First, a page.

In this Book
- Leader and the Crowd: Democracy in American Public Discourse, 1880-1941
- Published by: University of Georgia Press
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However, this paradigm of a rational Anglo-Saxon male public in opposition to irrational mobs--traditionally considered to be composed of women, children, "savages"--was challenged by the reality of southern lynch mobs made up of white Anglo-Saxons, people who used mob violence as an instrument of subjugation over an allegedly inferior race. After World War I, when the topic of eugenics and immigration restrictions ignited the debate of exclusion/inclusion regarding U.S. citizenship, Franz Boas's work provided a significant counterbalance to the biased language of race. Furthermore, the very concept of democracy was questioned from many points of view.
During the Depression years, social scientists such as John Dewey critically analyzed the democratic system in comparison to European dictatorships. The debate then acquired an international dimension. In the "ideological rearmament of America" on the eve of World War II, social scientists criticized Nazi racism but at the same time stressed how racism was also deeply rooted in America. This is a fresh and provocative look at the parallels between the emergence of America as a world power and the maturing of the new discipline of social science.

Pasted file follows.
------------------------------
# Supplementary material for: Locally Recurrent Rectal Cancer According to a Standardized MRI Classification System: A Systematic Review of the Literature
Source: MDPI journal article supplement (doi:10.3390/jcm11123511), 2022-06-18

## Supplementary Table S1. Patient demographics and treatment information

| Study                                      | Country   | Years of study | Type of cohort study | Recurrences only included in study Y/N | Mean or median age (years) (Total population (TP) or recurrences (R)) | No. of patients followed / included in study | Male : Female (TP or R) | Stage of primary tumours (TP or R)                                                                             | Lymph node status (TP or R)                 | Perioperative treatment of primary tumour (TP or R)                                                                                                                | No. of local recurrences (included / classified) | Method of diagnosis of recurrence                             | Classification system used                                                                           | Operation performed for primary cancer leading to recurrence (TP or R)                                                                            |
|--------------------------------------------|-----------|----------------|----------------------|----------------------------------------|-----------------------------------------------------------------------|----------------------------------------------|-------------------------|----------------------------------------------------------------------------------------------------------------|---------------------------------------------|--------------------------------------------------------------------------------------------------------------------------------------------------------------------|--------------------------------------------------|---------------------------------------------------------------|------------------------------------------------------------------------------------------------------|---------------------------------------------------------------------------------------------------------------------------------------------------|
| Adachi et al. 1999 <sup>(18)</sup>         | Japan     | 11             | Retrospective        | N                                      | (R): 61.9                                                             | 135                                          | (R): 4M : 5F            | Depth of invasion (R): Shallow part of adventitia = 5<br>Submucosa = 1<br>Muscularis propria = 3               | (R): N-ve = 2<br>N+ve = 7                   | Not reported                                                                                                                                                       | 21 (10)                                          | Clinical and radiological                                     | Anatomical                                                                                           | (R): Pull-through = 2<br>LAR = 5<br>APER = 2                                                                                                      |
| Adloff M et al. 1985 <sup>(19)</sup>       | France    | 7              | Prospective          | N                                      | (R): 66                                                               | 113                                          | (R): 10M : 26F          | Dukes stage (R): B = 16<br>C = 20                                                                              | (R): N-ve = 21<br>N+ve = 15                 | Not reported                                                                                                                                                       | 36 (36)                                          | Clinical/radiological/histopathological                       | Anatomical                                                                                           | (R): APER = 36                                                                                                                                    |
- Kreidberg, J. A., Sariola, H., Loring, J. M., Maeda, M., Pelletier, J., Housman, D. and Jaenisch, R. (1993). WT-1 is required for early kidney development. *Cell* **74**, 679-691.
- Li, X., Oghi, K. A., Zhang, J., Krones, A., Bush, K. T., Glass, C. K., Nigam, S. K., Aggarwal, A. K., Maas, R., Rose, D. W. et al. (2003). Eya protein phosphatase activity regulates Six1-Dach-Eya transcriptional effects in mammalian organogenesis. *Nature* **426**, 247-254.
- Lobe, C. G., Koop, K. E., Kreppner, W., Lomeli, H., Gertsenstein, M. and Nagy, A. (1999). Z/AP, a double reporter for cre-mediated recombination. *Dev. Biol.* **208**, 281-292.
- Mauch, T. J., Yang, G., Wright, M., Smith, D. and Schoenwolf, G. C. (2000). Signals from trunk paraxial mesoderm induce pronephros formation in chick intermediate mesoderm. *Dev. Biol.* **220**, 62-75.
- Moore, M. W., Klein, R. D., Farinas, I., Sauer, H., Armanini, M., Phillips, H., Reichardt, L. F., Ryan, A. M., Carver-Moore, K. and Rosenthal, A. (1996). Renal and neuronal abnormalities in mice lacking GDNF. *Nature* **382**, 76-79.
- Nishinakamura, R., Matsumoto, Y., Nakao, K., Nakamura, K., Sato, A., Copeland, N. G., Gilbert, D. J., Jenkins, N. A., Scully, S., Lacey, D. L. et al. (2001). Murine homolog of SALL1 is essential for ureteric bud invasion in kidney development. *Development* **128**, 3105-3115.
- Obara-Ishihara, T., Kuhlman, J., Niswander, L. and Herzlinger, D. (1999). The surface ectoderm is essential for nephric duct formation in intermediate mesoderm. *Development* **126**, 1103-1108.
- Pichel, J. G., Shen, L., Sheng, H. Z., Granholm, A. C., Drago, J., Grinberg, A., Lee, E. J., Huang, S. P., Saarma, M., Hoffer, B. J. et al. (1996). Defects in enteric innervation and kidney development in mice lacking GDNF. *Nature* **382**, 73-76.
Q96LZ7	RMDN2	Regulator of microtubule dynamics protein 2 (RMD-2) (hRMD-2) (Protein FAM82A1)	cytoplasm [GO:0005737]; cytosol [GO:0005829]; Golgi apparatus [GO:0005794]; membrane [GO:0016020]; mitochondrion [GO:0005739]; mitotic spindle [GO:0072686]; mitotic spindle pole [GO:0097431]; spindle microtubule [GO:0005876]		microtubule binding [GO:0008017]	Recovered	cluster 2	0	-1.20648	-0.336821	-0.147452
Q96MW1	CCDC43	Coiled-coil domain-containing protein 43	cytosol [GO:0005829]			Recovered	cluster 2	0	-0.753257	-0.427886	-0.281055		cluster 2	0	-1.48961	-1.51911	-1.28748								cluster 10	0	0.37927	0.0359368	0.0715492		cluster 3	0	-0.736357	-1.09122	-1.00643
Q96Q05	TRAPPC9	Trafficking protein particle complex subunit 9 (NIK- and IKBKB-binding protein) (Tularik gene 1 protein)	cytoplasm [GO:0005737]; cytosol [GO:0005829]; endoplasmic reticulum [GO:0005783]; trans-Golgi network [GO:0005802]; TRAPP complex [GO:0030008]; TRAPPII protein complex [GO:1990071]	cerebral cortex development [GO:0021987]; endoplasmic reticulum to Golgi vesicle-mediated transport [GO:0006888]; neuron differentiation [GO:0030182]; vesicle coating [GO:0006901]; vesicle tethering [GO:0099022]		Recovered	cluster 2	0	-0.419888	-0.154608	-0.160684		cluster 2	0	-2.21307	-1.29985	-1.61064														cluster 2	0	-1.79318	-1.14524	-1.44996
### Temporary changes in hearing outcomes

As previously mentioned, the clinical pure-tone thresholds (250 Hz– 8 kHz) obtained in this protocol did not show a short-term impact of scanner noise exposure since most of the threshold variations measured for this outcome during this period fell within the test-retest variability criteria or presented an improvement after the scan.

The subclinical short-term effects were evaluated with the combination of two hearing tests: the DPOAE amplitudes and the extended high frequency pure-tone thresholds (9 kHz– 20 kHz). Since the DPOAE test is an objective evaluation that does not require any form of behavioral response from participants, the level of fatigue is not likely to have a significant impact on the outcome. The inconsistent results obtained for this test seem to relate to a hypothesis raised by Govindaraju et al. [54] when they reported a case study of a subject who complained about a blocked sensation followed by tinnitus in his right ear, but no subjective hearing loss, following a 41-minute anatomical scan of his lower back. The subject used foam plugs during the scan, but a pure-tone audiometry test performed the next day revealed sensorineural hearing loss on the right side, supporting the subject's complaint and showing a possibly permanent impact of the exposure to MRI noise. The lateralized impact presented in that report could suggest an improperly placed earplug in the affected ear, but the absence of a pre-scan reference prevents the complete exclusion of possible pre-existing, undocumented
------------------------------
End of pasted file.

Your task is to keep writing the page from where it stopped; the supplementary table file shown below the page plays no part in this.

Table of Contents
- PART ONE. From the Gilded Age to the Progressive Era
- pp. 9-10
- PART TWO. The Twenties and Thirties
- pp. 121-122